Shipping Artwork FedEx

Odd Man Out, Watercolor, 20.5″ x 40″, 52cm x 101.5cm, currently at the Kansas Watercolor Society National Exhibition, Wichita Center for the Arts.

I recently shipped this painting to Wichita and have shipped several paintings with FedEx since I last posted several articles on shipping artwork: Shipping Artwork FedEx Ground vs. UPS, Declared Value for Shipping Artwork: What Does This Mean & What Do I Need to Know?, and Shipping Large Paintings: What I’ve Learned.

I wanted to add another tip that has seemed to work for me so far with the issue of the declared value and return labels.  All the shows I have been in require that you include a return shipping label with your artwork so that it can be sent back to you if it does not sell.  If you ship FedEx Ground service and you select the “return label” option to create the return label.  FedEx will only let you put a declared value of $1000 on the return.  Therefore, what do you do if your painting is worth more than $1000?  Here is how I have gotten around this issue, which has worked so far.

Do not choose the “return label” option, but save all of your data in the address book for the shipment going to the gallery or show, and then create a new label reversing the addresses.  FedEx will make you choose a shipping date for the return, which will usually always be sooner than the show will be over.  I choose the last date possible.  The reality is the return won’t go into the system until the label is scanned by the driver at pick up.  So the date you put filling out the label is a moot point.  By creating this second label as opposed to indicating you want a return label on the one you create to get the work to the show, lets you put the same declared value on the painting, you had when you sent it there, instead of the FedEx default value of $1000.

If my painting is valued at less than $1000 then I go ahead and choose the return label option.  I hope this helps fellow artists. If you are new to sending your work off to various locations learning all the ins and outs of shipping can be a bit daunting!

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Shipping Large Paintings: What I’ve Learned


In the next couple of weeks I will be shipping five paintings to two different shows so I have packing and shipping on my mind.  This week I thought I would share another shipping story.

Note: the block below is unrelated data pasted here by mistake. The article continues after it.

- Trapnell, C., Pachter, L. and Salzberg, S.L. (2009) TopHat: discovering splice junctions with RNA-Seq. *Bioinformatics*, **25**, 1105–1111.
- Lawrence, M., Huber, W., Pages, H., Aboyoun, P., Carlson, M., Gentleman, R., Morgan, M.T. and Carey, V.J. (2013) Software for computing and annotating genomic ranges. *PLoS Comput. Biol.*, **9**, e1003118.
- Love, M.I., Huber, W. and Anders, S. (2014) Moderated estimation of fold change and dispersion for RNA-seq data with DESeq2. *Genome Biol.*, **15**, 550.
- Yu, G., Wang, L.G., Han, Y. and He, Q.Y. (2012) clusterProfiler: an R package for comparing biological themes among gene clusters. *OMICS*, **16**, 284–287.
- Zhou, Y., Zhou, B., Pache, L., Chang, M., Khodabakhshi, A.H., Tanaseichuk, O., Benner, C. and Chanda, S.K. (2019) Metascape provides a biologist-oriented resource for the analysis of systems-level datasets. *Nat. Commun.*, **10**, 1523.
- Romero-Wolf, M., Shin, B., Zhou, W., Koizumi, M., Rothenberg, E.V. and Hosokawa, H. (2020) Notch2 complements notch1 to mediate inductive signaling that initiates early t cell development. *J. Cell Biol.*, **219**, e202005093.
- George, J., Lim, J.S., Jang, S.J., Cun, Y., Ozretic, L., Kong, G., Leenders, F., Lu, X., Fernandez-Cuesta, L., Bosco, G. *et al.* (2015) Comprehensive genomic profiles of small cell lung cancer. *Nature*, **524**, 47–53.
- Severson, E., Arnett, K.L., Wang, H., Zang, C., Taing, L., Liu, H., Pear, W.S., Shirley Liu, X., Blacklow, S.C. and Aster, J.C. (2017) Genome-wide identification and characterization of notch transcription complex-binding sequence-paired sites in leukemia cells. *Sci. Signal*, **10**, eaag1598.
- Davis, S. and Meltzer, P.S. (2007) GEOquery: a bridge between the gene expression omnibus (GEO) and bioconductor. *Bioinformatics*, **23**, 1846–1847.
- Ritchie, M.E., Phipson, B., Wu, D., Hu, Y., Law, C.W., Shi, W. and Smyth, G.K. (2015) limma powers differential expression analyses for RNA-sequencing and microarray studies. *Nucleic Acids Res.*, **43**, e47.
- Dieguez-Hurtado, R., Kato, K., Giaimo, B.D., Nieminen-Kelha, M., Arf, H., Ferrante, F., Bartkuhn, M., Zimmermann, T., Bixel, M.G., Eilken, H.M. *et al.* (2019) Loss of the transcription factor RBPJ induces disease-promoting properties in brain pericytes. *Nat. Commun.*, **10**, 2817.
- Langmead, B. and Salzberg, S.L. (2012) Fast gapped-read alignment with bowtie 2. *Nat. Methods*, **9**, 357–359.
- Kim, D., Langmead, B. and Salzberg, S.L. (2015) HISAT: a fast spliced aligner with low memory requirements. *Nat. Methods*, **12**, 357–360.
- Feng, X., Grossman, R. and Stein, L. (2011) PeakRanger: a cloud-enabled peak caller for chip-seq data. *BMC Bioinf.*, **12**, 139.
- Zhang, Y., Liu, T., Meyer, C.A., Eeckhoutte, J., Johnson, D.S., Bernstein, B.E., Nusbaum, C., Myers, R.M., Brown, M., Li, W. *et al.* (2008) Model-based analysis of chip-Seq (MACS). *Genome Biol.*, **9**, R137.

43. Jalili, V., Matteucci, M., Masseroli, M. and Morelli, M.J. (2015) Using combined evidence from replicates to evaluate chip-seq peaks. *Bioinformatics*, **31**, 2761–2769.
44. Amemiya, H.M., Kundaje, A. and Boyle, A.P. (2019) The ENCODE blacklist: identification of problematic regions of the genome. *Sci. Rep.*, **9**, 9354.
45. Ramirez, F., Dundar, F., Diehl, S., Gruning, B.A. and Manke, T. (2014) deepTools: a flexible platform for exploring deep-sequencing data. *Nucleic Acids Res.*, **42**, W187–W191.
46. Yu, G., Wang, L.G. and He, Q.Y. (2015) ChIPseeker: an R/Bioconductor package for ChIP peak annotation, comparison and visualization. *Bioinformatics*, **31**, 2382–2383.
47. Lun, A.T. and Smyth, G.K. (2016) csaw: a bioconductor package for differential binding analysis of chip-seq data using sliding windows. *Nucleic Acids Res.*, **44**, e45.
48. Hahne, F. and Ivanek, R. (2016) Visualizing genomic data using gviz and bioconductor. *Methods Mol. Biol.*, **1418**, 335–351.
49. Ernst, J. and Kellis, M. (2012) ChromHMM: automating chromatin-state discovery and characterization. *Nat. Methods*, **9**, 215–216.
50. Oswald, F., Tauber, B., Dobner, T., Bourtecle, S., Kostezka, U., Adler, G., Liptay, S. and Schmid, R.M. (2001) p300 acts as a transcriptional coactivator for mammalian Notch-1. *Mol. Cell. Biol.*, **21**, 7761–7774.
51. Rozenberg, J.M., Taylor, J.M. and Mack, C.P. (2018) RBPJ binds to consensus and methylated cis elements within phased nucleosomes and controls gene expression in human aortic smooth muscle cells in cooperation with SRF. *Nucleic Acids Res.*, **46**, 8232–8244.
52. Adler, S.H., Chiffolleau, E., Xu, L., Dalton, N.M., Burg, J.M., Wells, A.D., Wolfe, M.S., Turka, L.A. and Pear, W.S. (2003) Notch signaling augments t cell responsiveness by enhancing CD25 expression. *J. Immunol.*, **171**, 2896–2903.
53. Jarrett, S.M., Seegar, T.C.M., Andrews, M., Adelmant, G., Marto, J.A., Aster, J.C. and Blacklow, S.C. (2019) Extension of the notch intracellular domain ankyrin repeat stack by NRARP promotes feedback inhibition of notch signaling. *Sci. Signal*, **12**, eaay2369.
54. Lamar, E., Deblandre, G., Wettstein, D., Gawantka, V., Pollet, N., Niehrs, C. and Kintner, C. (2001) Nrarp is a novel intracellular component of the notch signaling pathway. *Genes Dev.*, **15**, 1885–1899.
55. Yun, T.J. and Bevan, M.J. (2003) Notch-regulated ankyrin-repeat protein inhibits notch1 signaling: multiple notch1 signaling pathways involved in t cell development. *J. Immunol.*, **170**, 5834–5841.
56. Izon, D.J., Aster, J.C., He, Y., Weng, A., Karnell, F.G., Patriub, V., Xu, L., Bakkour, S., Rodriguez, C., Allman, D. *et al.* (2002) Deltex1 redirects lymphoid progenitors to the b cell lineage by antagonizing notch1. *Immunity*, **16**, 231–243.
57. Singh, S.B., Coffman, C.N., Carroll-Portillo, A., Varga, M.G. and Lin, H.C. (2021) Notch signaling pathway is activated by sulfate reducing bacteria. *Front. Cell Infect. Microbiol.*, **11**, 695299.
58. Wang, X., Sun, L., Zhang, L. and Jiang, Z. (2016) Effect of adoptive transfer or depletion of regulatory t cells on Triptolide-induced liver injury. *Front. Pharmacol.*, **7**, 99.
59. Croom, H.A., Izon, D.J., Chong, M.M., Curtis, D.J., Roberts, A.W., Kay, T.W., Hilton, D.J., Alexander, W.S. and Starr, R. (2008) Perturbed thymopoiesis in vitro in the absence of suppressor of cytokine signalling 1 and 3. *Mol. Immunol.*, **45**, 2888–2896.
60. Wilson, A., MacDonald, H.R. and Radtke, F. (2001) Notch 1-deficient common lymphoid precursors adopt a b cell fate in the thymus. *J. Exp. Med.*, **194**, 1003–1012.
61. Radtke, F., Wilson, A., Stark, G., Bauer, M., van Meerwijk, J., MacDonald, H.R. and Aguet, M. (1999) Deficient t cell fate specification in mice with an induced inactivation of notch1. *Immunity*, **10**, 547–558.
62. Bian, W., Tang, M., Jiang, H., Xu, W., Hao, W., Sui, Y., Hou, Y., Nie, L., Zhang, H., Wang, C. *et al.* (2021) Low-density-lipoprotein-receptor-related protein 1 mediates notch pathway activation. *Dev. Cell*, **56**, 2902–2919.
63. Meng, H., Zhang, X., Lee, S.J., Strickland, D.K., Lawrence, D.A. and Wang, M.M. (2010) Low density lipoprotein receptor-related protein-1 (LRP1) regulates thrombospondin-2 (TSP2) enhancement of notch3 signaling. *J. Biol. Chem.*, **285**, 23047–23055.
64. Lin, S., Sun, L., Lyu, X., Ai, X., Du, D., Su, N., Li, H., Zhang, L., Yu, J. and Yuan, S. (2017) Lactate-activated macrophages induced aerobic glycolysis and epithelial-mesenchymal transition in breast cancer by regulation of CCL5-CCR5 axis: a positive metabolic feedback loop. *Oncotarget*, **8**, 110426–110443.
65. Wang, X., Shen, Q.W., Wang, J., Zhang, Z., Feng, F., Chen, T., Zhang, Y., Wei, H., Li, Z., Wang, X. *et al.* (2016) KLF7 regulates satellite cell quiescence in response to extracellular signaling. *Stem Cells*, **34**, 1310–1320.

It seems like when you need to ship artwork once you have done it a few times you think to yourself okay, I got this.  I’m finally figuring this whole thing out.  See my previous posts on shipping FedEx vs. UPS and Declared Value:  What does this mean?

After my last shipment of a large painting I have another dilemma that I’m going to try and solve before my next shipment of a painting this size.  This particular experience is with UPS and shipping large artwork.   I’m not sure what the guidelines are for FedEx.  If anyone knows please feel free to make a comment with this post.

Last spring, I needed to ship a painting on a full size watercolor sheet, 22” x 30”  after it was framed the total dimension ended up being.  35” x 43”.  From my experience with the Florida Watercolor Society show, helping to unpack and pack paintings when the show was over, I discovered most, but not all, artists used the Airfloat  Systems box. It’s used for ease in packing, and durability and the fact that it can be used multiple times.  After a lot of research I decided to get an Airfloat box for this painting and ordered one that was thick enough to pack the two paintings that I needed to send to a show.  I had seen another artist ship two paintings in the same Airfloat box and figured it would be okay.  The box was a few inches bigger around than the largest painting to protect it.  I used an extra layer of foam between the 2 paintings, with the larger painting on the bottom.  Each painting also had the foam pieces on each side, that went from the edges of the frames to the box’s outer edge.

I ordered an Airfloat box measuring 45” x 48” x 5.5”.  However, before I ordered the box,  I called UPS to make sure that this did not fall within the oversize box category because these Air Float boxes are not cheap even with the 20% discount I got from being a member of the Florida Watercolor Society.  I figured since I could re-use the box it would be an investment when I need to ship large paintings.  This dimension fell with in the guidelines for NOT being oversized, which if it was, would result in up charges from the already expensive shipping cost!

Here is where this gets interesting.  The UPS formula for calculating whether a box is oversized is Length + Girth = not to exceed 130.”  Girth is 2 times the width of the box plus 2 times the height of the box.  As long as this figure added to the length doesn’t exceed 130” you are safe.  If this figure is 131” to 164” then you will be charged a $55 up charge and if it exceeds 165”  then there are more charges beyond that.  This is what a UPS representative told me over the phone.

You can imagine my surprise when I got my invoice from UPS and they had audited the size of my box and charged me extra for it being oversized!!  Trying not to let the steam escape from my ears, I called UPS and  reiterated the whole process of calling them before I made this big investment, buying this Airfloat box with plans to re-use it, but didn’t feel confident doing so if I was going to be charged every time for it being oversized.  She told me they had measured the box at 46” x 60” x 7”  on the way to the gallery,  and if you apply the formula, Length + Girth = 134,” it’s four inches over the 130” maximum!

I told her that was not the dimension of the box I sent.  I had measured it myself when I packed it and it was what Airfloat had stated it was when I ordered it, 45” x 48” 5.5.”